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to Preserving Our Maritime Heritage

Founded by Clive Cussler

A Non-Profit Foundation Dedicated
to Preserving Our Maritime Heritage

Founded by Clive Cussler

Hilma Hooker: Lady With a Past

by | Mar 6, 2015 | 3 comments

Diver photographs fish on wreck of Hilma Hooker. Photo by Ellsworth Boyd.

Diver photographs fish on wreck of Hilma Hooker. Photo by Ellsworth Boyd.

She’s battered and beat and not very pretty, but she charms her visitors just the same. Her age doesn’t matter. She grows stately with time, enshrined forever in a boundless sea. She’s Bonaire’s Hilma Hooker, a lady with a past.

She sailed under five aliases, carried an illegal cargo and was wanted by the FBI. Built and christened the Midsland in Holland in 1951, she visited a host of foreign ports while changing owners frequently over 30 years. She also sailed at the Mistrial, William Express, Ana, Doric Express and, finally, the Hilma Hooker. Her last port of registry was San Andres, Columbia, South America.

Hilma Hooker & Bonaire

Hilma Hooker & Bonaire

The 236-foot freighter was heading north from San Andres in 1983 when it experienced steerage problems near the Dutch island of Bonaire. The captain maneuvered his ship to the island and tied up at the Town Pier, but failed to navigate through customs. He had no papers to declare the vessel’s port of departure or designated port of entry. Local authorities red-flagged it, then ran it through Interpol (International Criminal Police Organization) as a prime suspect for drug trafficking. Both Interpol and the FBI had been tracking the vessel for months, the latter dubbing it “a designated drugger.”

Sure enough, a fine-tooth comb search uncovered 25,000 pounds of marijuana stowed in bales behind a false bulkhead. Bonaire’s customs agents had themselves a sting and shipwreck aficionados had a new dive site.

In 1984, after dive operators and volunteers diligently prepped her for sinking, the Hilma Hooker was put down off the southeast cost of the island. She came to rest on her starboard side in 60 to 95 feet of water and is heralded today as one of Bonaire’s premier dive sites.

Hilma Hooker

Hilma Hooker

The years have been good to the grand old gal. She hosts a plethora of marine life including star and pillar corals, tube sponges and crinoids that cling to the superstructure. This elite ecosystem in Bonaire’s warm, clear waters provides a perfect balance of temperature, light, food and grazing fish. Countless species cruise the wreck’s perimeter, including bar jacks that veer in close and then head off toward an adjoining coral reef. Bluehead wrasse feed on algae that grows on the mooring buoy ropes. Squirrelfish swarm around the capstan on the upper deck, while black groupers and graysbys hide among the shadows deep in the cargo holds. Spider crabs dwell next to sea anemones in symbiotic harmony on davits that hang over the main deck. Coral-encrusted ladders and railings teem with sergeant majors and blue parrotfish.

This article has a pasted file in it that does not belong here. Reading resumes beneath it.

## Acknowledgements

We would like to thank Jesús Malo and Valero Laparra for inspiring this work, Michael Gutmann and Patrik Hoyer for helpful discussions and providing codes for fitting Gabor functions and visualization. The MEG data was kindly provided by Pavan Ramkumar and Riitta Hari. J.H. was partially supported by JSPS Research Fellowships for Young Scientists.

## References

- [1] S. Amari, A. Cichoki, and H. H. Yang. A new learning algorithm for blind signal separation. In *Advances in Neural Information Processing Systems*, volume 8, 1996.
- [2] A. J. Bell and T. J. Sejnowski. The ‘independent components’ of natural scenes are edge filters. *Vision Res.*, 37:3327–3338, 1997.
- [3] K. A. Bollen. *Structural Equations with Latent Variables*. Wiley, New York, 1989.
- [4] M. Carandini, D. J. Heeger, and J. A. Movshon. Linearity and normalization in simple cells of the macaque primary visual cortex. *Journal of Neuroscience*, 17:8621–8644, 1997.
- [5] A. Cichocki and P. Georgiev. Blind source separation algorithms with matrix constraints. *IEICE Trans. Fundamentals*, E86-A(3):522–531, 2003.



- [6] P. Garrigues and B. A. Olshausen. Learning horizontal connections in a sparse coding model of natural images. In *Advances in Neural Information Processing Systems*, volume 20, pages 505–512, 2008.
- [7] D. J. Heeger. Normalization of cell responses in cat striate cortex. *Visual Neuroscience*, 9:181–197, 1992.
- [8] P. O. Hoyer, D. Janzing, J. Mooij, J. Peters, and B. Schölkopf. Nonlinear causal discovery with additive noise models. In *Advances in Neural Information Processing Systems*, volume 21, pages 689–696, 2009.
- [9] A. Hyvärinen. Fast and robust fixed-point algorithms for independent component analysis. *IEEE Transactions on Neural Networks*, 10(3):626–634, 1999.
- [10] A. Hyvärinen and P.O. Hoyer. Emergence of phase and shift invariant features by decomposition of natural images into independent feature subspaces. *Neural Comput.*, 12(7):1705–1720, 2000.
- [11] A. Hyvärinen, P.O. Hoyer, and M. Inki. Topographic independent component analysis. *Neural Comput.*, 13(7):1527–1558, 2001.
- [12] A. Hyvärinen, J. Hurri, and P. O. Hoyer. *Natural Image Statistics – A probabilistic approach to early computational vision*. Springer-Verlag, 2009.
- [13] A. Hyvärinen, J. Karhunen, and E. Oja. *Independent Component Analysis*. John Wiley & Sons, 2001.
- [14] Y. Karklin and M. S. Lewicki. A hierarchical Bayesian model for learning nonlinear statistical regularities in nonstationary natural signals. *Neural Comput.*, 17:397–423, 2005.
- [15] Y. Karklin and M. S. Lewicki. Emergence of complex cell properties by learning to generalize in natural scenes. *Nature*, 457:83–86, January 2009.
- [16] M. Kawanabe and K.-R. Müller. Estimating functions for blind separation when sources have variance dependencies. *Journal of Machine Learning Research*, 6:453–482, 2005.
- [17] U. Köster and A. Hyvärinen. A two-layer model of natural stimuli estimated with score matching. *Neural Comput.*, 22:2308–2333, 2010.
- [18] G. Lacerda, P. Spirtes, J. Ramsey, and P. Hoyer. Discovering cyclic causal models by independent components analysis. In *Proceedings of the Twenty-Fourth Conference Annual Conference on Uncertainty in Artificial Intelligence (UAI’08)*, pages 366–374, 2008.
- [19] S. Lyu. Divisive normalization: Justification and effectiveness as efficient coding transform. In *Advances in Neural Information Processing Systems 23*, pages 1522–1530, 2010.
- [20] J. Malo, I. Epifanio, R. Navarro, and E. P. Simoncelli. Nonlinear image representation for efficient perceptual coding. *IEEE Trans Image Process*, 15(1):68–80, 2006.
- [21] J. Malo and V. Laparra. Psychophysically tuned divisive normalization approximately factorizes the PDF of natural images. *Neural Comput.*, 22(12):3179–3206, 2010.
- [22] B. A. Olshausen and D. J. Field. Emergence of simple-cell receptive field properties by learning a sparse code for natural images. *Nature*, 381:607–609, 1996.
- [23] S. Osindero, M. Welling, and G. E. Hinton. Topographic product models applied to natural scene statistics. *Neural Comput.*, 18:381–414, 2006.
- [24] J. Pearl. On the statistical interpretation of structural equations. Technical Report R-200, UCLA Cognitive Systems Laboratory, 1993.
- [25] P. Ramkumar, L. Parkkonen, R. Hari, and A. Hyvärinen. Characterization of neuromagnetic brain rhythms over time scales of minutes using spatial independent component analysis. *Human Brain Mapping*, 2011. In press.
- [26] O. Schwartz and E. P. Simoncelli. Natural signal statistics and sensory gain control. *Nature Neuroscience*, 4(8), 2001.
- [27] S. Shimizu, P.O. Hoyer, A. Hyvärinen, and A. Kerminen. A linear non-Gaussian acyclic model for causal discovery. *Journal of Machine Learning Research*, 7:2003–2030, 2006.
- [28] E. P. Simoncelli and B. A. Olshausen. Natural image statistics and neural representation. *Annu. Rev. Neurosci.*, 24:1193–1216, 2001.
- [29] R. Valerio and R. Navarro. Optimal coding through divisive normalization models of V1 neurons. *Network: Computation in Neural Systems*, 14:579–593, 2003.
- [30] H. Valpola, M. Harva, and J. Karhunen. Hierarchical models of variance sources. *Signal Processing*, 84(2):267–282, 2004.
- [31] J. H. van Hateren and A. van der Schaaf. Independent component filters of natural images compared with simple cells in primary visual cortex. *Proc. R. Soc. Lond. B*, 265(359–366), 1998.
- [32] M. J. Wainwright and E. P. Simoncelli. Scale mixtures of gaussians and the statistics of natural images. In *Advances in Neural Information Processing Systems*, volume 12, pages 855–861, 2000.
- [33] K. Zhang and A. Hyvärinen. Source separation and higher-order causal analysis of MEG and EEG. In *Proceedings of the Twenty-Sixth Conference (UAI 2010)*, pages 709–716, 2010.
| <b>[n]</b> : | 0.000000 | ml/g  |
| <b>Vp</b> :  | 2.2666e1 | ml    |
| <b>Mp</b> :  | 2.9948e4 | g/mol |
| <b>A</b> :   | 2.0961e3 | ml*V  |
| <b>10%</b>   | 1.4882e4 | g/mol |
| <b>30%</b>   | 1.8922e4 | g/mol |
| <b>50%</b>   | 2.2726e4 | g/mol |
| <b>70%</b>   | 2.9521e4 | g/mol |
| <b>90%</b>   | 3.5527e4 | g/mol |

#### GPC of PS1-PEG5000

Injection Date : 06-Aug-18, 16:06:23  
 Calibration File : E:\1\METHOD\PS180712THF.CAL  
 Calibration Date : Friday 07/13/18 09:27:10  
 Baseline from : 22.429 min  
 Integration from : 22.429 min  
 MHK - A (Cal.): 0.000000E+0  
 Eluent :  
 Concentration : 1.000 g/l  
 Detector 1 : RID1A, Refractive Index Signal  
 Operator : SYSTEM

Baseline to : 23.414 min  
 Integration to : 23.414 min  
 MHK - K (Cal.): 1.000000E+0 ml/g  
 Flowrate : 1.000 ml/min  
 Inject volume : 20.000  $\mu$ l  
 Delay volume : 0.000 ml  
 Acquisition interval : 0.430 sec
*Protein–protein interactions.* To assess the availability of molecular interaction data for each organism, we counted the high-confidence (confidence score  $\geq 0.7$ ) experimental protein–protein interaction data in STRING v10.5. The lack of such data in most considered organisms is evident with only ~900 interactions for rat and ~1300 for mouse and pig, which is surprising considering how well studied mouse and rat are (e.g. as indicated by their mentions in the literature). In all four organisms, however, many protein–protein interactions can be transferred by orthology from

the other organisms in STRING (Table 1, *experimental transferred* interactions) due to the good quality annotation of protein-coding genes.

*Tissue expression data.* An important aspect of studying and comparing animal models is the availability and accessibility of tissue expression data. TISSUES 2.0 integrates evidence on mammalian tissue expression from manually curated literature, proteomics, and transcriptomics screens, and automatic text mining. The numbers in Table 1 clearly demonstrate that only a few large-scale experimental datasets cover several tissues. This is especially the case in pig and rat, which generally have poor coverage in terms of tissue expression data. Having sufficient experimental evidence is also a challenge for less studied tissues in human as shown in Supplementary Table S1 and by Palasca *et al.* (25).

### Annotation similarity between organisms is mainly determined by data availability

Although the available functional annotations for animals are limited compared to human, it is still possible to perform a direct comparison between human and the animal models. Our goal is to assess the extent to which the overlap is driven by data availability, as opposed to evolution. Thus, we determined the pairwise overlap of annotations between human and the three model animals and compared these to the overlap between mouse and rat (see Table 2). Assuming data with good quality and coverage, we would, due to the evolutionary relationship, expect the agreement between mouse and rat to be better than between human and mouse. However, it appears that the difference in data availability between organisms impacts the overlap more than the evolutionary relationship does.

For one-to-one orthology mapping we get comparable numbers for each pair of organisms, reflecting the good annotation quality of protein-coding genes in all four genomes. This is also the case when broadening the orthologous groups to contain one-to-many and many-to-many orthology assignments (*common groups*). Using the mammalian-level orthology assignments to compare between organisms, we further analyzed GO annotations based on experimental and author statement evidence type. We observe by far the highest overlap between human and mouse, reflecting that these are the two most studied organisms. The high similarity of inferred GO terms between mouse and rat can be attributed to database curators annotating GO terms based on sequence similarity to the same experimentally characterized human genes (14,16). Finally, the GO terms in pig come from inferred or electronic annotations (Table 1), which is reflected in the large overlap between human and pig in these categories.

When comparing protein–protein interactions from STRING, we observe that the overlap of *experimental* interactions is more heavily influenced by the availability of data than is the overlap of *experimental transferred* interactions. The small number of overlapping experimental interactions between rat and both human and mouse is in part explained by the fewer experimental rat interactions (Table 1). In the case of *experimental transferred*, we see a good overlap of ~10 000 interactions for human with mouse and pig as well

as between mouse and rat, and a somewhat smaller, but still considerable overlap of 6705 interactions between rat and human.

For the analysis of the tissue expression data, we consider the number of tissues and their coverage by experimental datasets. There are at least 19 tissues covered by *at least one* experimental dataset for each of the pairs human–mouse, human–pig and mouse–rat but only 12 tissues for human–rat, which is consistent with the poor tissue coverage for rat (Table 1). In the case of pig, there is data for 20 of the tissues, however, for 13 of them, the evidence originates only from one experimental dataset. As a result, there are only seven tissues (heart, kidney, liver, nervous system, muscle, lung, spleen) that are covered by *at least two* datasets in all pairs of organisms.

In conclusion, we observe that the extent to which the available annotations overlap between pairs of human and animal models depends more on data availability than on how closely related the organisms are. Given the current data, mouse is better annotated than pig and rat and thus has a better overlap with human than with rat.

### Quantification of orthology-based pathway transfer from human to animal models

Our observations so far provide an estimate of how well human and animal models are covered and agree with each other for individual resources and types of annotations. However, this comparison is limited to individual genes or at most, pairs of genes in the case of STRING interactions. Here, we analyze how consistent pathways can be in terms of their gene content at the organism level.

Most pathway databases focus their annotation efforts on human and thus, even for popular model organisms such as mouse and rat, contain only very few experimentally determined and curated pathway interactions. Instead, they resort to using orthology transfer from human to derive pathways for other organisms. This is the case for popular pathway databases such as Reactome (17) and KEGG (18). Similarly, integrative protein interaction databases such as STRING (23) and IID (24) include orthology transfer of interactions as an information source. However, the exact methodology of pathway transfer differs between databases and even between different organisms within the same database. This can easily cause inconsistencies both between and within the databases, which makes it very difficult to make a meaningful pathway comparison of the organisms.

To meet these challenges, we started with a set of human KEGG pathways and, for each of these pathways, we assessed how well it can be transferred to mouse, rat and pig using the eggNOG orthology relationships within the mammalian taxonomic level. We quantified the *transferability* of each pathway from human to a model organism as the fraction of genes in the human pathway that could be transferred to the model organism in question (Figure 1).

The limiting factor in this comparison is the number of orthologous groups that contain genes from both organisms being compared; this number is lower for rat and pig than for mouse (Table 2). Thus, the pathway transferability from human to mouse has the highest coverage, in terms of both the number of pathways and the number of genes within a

The wreck is close to shore, midway between Punt Vierant and Salt Pier. The shallowest part is 60 feet to the port rail. The stern, with its rudder and propeller intact, points to the north. Shutterbugs favor the bow for it’s mast that extends to the reef with the crow’s nest still attached. The stern is popular for wide-angle images.

Even though dive operators opened doors, cut cables and drilled holes throughout the ship before they sank her, penetration is not encouraged. Most divers prefer the open cargo holds and storage areas where sunlight seeps into the darkness.

The wreck, mainly a dive boat attraction, can also be reached from shore. Some offshore divers like the area just for its reefs. A fringe reef next to the ship is often overlooked. Its colonies of garden eels and coral ridges offer divers a bonus, compliments of “the lady” who lies nearby.

3 Comments

  1. This is an interesting article. I dove the Hilma Hooker when I visited Bonaire and it is an interesting wreck with lots of marine life on it. It’s worth going back and diving it again. Thank you for reminding me of it.

  2. We had a similar situation here in Tacoma Prof. Boyd, The ship was called the Helena Star and she was seized in 1976 by the CG with a cargo of 17,000 pounds of pot and 800 pounds of cocaine. After that she changed hands about 10 times and eventually wound up a derelict on the Hylebos Waterway and sank there in 2013. The EPA screamed bloody murder and the DNR finally raised it in early 2014 and towed it too Seattle for scrapping.

  3. Thanks Julie & Capt. Ethan. These drug vessels make great artificial reeefs for divers and fishermen. And there is always a good story behind them. Maybe I can put together an article all about the drug ships that have been confiscated and sunk. Thanks for your faithful responses. Cheers, E.

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